# Gaussian predictive process models in Stan

**Maxwell B. Joseph**, and kindly contributed to R-bloggers]. (You can report issue about the content on this page here)

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Gaussian process (GP) models are computationally demanding for large datasets.
Much work has been done to avoid expensive matrix operations that arise in parameter estimation with larger datasets via sparse and/or reduced rank covariance matrices (Datta et al. 2016 provide a nice review).
What follows is an implementation of a spatial Gaussian predictive process Poisson GLM in Stan, following Finley et al. 2009: *Improving the performance of predictive process modeling for large datasets*, with a comparison to a full rank GP model in terms of execution time and MCMC efficiency.

## Generative model

Assume we have $n$ spatially referenced counts $y(s)$ made at spatial locations $s_1, s_2, …, s_n$, which depend on a latent mean zero Gaussian process with an isotropic stationary exponential covariance function:

where $y(s)$ is the response at location $s$, $X$ is an $n \times p$ design matrix, $\beta$ is a length $p$ parameter vector, $\sigma^2$ is a “nugget” parameter, $\eta^2$ is the variance parameter of the Gaussian process, $d_{ij}$ is a spatial distance between locations $s_i$ and $s_j$, and $\phi$ determines how quickly the correlation in $w$ decays as distance increases. For simplicity, the point locations are uniformly distributed in a 2d unit square spatial region.

To estimate this model in a Bayesian context, we might be faced with taking a Cholesky decomposition of the $n \times n$ matrix $C(d)$ at every iteration in an MCMC algorithm, a costly operation for large $n$.

## Gaussian predictive process representation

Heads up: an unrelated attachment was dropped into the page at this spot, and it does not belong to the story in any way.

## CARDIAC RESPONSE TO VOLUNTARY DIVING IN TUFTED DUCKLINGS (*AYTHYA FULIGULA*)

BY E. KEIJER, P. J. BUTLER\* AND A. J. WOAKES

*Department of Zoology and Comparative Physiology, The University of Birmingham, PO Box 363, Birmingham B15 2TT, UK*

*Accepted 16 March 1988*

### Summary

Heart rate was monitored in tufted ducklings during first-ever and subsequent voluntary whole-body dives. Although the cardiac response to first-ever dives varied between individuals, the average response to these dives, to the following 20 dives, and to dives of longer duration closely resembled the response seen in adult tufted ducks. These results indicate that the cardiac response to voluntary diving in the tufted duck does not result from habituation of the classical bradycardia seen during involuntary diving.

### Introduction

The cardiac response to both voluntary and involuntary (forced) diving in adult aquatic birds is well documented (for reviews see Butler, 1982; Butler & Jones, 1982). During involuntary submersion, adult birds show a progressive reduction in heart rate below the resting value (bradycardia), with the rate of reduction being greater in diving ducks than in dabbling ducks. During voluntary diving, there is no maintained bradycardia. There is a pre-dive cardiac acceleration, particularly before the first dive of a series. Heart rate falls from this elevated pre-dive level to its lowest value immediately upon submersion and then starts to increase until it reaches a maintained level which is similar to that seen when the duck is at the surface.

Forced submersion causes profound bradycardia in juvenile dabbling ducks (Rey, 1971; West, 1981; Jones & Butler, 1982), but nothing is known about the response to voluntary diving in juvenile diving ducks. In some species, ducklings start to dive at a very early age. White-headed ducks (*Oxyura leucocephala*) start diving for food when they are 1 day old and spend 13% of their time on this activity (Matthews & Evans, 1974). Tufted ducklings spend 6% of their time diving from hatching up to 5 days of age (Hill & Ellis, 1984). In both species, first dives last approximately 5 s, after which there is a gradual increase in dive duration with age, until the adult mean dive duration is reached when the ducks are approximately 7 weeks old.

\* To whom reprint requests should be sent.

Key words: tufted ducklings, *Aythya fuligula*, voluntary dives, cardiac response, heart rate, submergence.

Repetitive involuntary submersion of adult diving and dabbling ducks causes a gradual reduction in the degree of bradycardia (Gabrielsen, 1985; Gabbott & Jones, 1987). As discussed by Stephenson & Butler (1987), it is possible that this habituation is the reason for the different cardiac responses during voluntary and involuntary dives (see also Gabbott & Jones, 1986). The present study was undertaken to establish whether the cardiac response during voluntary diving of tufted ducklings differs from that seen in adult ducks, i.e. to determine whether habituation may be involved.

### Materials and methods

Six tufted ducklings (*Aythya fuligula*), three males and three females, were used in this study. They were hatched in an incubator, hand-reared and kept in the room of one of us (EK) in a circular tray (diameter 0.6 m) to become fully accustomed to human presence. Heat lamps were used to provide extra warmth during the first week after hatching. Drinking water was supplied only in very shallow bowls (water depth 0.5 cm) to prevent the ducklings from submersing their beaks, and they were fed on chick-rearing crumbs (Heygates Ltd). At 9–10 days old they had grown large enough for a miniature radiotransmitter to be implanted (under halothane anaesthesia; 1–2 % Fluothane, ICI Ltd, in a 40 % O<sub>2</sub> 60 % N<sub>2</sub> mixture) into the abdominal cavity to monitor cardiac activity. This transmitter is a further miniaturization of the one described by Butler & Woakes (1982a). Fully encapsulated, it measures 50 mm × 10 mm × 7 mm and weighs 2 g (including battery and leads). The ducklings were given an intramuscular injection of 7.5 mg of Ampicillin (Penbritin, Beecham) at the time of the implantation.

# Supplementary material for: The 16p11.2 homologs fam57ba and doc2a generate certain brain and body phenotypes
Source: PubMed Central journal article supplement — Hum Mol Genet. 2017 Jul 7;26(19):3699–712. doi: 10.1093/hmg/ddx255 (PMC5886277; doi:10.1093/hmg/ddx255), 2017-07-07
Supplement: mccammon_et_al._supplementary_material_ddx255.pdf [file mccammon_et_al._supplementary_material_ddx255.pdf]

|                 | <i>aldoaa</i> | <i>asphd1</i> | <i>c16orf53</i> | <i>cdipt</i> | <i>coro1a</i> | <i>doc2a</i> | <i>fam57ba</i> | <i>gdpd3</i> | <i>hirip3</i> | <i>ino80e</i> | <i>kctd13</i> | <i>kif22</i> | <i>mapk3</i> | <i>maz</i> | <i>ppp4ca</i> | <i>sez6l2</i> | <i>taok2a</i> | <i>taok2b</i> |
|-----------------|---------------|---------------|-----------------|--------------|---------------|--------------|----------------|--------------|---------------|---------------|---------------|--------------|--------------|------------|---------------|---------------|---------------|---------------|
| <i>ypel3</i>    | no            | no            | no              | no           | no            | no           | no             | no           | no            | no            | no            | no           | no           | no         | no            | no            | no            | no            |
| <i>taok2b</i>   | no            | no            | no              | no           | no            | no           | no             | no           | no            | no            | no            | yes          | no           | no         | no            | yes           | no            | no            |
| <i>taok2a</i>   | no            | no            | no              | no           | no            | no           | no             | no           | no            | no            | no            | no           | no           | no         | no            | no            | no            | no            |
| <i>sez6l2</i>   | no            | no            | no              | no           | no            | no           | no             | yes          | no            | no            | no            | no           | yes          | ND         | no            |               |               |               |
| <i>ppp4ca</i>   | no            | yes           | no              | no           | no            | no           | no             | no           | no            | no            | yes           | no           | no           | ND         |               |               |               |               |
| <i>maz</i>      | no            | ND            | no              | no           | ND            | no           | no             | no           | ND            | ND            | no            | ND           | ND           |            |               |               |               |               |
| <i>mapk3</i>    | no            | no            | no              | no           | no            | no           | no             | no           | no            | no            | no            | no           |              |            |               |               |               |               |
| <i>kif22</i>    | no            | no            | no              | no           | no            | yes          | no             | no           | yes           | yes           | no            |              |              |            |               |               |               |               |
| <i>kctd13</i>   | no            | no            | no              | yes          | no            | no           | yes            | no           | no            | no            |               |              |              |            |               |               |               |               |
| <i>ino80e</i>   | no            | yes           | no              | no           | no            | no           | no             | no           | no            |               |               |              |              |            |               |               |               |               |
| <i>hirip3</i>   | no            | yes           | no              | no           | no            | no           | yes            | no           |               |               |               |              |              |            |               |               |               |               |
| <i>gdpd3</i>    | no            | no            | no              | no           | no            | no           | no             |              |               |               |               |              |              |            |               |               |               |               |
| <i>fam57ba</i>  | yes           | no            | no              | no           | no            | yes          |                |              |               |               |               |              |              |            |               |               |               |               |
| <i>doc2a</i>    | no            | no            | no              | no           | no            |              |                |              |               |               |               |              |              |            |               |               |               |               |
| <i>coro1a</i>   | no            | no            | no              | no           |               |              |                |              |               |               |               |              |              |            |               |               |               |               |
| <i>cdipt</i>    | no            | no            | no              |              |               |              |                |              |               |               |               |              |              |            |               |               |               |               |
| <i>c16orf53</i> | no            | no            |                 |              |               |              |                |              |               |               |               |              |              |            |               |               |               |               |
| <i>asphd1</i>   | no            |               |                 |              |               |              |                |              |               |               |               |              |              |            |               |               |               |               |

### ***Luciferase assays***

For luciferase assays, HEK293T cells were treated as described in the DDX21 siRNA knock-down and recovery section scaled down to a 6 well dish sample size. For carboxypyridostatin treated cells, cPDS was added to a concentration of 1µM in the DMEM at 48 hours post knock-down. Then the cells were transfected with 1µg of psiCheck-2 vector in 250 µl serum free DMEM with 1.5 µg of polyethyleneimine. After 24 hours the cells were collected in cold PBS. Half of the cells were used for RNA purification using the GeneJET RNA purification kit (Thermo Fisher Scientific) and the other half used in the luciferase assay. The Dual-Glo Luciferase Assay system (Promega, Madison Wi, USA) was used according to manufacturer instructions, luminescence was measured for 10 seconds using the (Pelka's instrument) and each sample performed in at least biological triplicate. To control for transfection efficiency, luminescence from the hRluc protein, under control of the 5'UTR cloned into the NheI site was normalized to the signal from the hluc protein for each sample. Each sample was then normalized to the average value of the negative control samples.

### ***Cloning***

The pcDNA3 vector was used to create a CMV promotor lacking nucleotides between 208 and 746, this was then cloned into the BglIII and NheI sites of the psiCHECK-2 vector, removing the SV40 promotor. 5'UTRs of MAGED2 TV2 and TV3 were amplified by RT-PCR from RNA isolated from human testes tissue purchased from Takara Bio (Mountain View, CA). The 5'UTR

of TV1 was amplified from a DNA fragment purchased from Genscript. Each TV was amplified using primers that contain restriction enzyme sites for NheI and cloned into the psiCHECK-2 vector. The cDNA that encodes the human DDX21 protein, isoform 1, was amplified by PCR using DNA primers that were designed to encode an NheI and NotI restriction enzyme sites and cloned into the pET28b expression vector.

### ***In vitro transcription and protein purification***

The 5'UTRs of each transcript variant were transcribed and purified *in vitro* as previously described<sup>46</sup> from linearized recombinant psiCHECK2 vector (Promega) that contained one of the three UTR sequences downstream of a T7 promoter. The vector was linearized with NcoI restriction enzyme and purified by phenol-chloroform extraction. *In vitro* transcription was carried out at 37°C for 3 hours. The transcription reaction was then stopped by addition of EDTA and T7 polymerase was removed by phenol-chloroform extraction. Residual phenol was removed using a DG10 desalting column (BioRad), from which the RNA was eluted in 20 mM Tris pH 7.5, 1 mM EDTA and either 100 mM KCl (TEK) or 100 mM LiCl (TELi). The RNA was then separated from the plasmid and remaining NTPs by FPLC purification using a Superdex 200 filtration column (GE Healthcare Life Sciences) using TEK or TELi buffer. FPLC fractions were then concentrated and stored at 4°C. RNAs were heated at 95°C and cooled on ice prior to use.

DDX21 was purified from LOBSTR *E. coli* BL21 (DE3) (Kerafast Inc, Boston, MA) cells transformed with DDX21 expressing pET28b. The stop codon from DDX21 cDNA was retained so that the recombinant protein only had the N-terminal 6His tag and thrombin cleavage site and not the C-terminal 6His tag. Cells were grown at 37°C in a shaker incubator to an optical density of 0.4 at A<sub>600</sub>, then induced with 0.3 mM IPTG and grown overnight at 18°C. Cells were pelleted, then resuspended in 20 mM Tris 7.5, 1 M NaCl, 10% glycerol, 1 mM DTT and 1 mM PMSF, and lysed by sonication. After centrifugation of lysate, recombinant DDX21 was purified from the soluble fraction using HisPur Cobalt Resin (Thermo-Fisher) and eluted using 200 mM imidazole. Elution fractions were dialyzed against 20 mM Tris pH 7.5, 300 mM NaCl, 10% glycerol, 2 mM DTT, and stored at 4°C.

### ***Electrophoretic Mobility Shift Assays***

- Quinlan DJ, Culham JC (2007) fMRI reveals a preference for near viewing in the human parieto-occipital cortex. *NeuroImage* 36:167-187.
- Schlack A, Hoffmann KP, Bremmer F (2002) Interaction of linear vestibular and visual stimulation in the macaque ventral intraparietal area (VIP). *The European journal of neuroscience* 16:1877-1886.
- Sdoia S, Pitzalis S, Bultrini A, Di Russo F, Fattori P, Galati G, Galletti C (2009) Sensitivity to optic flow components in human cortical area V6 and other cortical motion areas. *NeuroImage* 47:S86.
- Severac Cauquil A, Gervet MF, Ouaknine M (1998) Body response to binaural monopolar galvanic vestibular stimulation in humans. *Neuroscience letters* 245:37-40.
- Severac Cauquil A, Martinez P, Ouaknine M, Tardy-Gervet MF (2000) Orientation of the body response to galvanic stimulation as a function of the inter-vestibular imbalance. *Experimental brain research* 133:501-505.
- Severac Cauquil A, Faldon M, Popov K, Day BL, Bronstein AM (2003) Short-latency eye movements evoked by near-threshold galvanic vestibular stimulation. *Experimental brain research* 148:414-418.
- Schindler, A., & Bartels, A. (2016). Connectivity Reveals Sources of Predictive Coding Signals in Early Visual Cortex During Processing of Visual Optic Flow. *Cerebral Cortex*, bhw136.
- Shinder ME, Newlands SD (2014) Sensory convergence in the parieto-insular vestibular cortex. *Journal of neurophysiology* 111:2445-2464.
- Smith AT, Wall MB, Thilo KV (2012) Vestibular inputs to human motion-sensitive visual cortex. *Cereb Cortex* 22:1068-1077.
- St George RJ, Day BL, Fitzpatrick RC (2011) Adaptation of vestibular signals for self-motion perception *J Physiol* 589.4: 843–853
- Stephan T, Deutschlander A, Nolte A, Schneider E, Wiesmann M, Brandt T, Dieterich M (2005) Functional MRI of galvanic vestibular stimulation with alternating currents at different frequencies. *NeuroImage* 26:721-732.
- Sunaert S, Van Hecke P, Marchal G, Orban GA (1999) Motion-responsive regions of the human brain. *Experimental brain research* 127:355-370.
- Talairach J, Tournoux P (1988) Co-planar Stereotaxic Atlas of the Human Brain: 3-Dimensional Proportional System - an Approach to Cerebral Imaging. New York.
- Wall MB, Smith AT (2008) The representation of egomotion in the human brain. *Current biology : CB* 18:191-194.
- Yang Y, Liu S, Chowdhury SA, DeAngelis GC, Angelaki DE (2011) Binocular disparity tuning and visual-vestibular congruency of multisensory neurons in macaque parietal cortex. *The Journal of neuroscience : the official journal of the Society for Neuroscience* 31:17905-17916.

Computational benefits of Gaussian predictive process models arise from the estimation of the latent Gaussian process at $m « n$ locations (knots). Instead of taking the Cholesky factorization of the $n \times n$ covariance matrix, we instead factorize the $m \times m$ covariance matrix corresponding to the covariance in the latent spatial process among knots. Knot placement is a non-trivial topic, but for the purpose of illustration let’s place knots on a grid over the spatial region of interest. Note that here the knots are fixed, but it is possible to model knot locations stochastically as in Guhaniyogi et al. 2012.

Knots are shown as stars and the points are observations.

We will replace $w$ above with an estimate of $w$ that is derived from a reduced rank representation of the latent spatial process. Below, the vector $\tilde{\boldsymbol{\epsilon}}$ corrects for bias (underestimation of $\eta$ and overestimation of $\sigma$) as an extension of Banerjee et al. 2008, and $\mathcal{C}^T(\theta) \mathcal{C}^{*-1}(\theta)$ relates $w$ at desired point locations to the value of the latent GP at the knot locations, where $\mathcal{C}^T(\theta)$ is an $n \times m$ matrix that gets multiplied by the inverse of the $m \times m$ covariance matrix for the latent spatial process at the knots. For a complete and general description see Finley et al. 2009, but here is the jist of the univariate model:

with priors for $\eta$, $\sigma$, and $\phi$ completing a Bayesian specification.

This approach scales well for larger datasets relative to a full rank GP model. Comparing the number of effective samples per unit time for the two approaches across a range of sample sizes, the GPP executes more quickly and is more efficient for larger datasets. Code for this simulation is available on GitHub: https://github.com/mbjoseph/gpp-speed-test.

## Relevant papers

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**Maxwell B. Joseph**.

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